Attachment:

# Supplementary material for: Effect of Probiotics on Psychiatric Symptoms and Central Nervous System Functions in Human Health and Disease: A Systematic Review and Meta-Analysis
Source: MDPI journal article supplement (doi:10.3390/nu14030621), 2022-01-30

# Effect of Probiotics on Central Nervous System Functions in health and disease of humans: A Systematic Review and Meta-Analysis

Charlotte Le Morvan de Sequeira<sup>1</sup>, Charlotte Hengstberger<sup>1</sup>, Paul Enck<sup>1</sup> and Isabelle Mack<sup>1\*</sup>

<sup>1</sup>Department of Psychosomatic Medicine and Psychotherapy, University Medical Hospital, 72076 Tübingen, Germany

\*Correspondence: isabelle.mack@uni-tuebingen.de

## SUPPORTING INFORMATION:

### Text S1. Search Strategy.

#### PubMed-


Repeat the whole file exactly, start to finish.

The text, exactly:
# Supplementary material for: Effect of Probiotics on Psychiatric Symptoms and Central Nervous System Functions in Human Health and Disease: A Systematic Review and Meta-Analysis
Source: MDPI journal article supplement (doi:10.3390/nu14030621), 2022-01-30

# Effect of Probiotics on Central Nervous System Functions in health and disease of humans: A Systematic Review and Meta-Analysis

Charlotte Le Morvan de Sequeira<sup>1</sup>, Charlotte Hengstberger<sup>1</sup>, Paul Enck<sup>1</sup> and Isabelle Mack<sup>1\*</sup>

<sup>1</sup>Department of Psychosomatic Medicine and Psychotherapy, University Medical Hospital, 72076 Tübingen, Germany

\*Correspondence: isabelle.mack@uni-tuebingen.de

## SUPPORTING INFORMATION:

### Text S1. Search Strategy.

#### PubMed-